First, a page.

The Plainview High School grad pitched on the same mound where his maternal grandfather once threw — and got married.

Cameron Selensky thought first of his grandfather, Orel Dryden, who had glorious days on the pitcher's mound at Cardinal Park as a member of the Ardmore Indians.

In his final game there, Selensky started as a pitcher for the Ardmore Cardinals, sponsored by American National Bank.

“It was really sentimental for me,” Cameron said. “It was just a huge deal because 60 years ago, my grandpa got married” on that mound.

Also a pitcher, Dryden went 13-2 at Cardinal Park, throwing 127 innings in 18 games, according to He helped the Indians win their division in the Sooner State League. (Dryden said the McAlester Rockets defeated Ardmore in the final round.)

“It was really good to me because I had a good year there in 1951,” Dryden said, reflecting on his playing days at Tribe Park — as it was known then, according to — during a telephone interview Monday. “I played under manager Bennie Warren.

“Also, that's where I got married to my high-school sweetheart, on the pitcher's mound.

“It was just a great experience for me,” Dryden added, referencing his second professional season.

He signed with the St. Louis Cardinals out of Byng High School, where he played for Marvin Stokes before graduating in 1949. The Cardinals assigned him to a minor-league affiliate in Canada, where he played for the Hamilton Cardinals in Ontario — a member of 1950 Pennsylvania-Ontario-New York League.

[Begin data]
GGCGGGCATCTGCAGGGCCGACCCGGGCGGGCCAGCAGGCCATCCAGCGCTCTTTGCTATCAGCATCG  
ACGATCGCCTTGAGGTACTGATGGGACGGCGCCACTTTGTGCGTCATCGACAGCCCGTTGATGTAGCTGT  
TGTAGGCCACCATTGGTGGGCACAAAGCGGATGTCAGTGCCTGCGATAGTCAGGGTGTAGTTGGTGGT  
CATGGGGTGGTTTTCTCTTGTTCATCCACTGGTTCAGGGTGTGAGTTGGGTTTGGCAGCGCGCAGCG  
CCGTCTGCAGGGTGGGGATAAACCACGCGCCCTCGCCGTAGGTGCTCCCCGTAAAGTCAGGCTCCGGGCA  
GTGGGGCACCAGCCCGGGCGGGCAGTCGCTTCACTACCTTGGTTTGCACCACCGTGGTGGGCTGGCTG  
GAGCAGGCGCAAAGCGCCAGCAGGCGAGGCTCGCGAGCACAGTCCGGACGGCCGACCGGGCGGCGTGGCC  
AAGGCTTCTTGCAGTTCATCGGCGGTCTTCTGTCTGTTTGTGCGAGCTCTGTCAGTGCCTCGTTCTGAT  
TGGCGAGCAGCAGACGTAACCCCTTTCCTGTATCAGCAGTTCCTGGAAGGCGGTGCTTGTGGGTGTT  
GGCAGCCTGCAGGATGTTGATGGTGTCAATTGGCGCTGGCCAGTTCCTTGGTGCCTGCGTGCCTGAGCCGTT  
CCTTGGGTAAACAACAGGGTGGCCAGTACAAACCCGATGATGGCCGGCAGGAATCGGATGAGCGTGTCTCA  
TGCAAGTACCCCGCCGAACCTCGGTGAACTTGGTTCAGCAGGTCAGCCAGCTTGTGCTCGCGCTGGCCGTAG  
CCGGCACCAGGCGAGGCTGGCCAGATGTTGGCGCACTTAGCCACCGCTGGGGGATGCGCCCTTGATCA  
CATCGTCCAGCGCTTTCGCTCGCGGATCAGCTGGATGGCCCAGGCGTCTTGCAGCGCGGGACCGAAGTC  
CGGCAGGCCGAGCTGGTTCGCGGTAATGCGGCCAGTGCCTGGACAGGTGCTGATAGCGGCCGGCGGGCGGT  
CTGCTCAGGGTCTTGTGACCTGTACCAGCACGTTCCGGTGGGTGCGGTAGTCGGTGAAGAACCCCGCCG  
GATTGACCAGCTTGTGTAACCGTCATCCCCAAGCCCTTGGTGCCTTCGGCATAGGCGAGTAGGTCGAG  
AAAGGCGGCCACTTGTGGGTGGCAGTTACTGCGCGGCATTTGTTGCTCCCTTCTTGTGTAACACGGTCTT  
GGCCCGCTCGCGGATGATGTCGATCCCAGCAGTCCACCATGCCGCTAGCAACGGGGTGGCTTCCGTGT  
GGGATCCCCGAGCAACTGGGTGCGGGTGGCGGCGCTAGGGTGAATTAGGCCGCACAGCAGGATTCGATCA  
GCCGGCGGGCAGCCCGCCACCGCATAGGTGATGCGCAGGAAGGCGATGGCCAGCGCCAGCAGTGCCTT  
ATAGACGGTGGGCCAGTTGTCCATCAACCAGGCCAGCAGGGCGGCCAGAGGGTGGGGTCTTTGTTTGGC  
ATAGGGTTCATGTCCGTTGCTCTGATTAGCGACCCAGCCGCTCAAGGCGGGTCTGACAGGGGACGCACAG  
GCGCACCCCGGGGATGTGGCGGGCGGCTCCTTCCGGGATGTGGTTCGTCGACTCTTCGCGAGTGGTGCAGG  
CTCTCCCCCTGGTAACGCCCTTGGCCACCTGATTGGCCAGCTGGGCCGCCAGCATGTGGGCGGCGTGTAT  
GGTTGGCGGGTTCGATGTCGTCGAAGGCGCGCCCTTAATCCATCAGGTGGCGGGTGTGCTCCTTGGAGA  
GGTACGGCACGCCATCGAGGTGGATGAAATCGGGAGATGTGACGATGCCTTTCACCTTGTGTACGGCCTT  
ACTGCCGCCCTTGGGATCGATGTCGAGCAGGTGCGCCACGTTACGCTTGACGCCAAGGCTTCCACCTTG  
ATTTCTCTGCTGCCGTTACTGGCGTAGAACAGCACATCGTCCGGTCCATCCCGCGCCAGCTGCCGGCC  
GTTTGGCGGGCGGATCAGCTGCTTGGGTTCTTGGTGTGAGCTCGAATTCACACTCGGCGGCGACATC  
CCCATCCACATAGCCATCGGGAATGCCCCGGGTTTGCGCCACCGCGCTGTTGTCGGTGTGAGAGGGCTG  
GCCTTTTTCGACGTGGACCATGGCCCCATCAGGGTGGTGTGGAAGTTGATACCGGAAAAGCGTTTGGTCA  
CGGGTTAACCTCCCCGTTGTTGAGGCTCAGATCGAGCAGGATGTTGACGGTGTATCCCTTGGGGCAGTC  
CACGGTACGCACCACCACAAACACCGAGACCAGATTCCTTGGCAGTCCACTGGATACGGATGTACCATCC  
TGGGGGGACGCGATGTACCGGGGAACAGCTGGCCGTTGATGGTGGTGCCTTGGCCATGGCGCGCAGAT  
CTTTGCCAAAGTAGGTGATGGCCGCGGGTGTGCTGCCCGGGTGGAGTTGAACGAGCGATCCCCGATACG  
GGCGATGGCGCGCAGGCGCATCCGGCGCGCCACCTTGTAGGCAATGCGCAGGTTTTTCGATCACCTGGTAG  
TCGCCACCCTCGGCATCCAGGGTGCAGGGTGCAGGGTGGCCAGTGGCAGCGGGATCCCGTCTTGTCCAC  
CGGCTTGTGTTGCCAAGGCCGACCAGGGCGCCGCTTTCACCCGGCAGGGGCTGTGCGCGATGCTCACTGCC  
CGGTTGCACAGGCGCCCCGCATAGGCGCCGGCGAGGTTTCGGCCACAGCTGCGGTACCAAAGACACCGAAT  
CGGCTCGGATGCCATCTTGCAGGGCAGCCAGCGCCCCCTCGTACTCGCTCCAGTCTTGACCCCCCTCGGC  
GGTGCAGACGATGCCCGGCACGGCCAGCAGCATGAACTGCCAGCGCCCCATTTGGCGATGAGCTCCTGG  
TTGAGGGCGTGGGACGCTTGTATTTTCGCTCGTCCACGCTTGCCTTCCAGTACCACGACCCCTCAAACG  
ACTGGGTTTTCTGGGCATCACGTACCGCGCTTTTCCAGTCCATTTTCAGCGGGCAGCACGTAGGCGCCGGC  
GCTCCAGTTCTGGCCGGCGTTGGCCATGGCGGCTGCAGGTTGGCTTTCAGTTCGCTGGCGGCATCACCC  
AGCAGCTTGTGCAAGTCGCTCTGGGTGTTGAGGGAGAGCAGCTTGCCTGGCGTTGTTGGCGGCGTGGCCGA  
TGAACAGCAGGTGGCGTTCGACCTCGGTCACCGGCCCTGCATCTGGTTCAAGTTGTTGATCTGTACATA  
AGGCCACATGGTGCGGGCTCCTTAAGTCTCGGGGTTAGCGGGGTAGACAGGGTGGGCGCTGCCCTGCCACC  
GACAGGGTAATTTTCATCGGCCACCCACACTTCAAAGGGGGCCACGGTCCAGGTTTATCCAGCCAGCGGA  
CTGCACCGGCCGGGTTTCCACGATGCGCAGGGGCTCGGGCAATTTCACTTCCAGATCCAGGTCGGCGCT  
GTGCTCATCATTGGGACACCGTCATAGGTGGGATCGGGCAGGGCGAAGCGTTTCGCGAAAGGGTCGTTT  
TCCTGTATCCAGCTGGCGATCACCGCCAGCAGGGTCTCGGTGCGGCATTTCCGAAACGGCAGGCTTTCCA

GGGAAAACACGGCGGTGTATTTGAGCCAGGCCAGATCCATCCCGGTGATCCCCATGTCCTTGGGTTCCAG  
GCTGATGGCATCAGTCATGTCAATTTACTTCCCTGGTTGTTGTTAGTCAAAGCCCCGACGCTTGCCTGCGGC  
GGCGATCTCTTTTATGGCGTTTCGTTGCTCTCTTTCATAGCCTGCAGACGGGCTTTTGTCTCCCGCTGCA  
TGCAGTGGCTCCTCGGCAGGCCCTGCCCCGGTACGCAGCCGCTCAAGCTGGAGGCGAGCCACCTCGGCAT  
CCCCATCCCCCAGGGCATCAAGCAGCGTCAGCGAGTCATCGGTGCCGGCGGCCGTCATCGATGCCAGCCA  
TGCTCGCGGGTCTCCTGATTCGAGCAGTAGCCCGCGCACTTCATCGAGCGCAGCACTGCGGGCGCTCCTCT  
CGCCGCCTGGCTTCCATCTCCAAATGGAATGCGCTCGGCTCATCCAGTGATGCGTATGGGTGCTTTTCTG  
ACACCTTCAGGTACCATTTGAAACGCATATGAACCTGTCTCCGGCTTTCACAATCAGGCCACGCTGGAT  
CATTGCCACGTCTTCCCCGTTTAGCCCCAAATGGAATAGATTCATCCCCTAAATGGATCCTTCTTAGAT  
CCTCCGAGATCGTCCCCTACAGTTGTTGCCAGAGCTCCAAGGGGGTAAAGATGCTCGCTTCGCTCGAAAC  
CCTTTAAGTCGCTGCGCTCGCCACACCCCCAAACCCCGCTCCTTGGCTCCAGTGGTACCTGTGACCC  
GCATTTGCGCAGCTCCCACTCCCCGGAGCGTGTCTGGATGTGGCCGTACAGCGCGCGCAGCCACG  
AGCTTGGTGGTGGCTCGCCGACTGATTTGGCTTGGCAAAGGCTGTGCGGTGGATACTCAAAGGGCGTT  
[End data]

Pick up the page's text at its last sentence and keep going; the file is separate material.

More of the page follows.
“I got all screwed up with my draft because I had gone out of the United States and didn't notify anybody. They thought I was a draft dodger,” Dryden said, chuckling at the memory the last seven words caused. “Isn't that something?”

A native of Oakmand, he returned to Ada. His girlfriend told him about an opportunity to play at Cardinal Park. She contacted the necessary people. (Fran and Marie)

“I had one of the best years I ever had in baseball,” Dryden said. “The town was just absolutely fabulous. The fans were just fabulous to us. You couldn't ask for anything any better.”

Meanwhile, Ardmore coach Bubba Tamez told Selensky last Monday — the day of the game — that he'd get the opportunity to pitch. Consequently, he didn't have a chance to tell his grandfather.

Dryden, who is 85 years of age, has not seen Selensky play because he's lived in California for the past decade.

Selensky's first two innings went fairly smoothly. Ada tagged him for four runs in the third. Blake Williams (Davis) relieved him, notching two outs to strand two runners in scoring position.

Tamez said many of the Braves' players attend schools that play fall baseball.

Selensky said, “I was leaving the ball up. They hit the ball hard.”

Selensky hopes to play college baseball. No matter what the future holds, Selensky got to share that moment with his grandfather, whose career was cut short by arm trouble, he said.

“I never played anywhere in baseball,” Dryden said, “that I enjoyed playing any better than Ardmore.”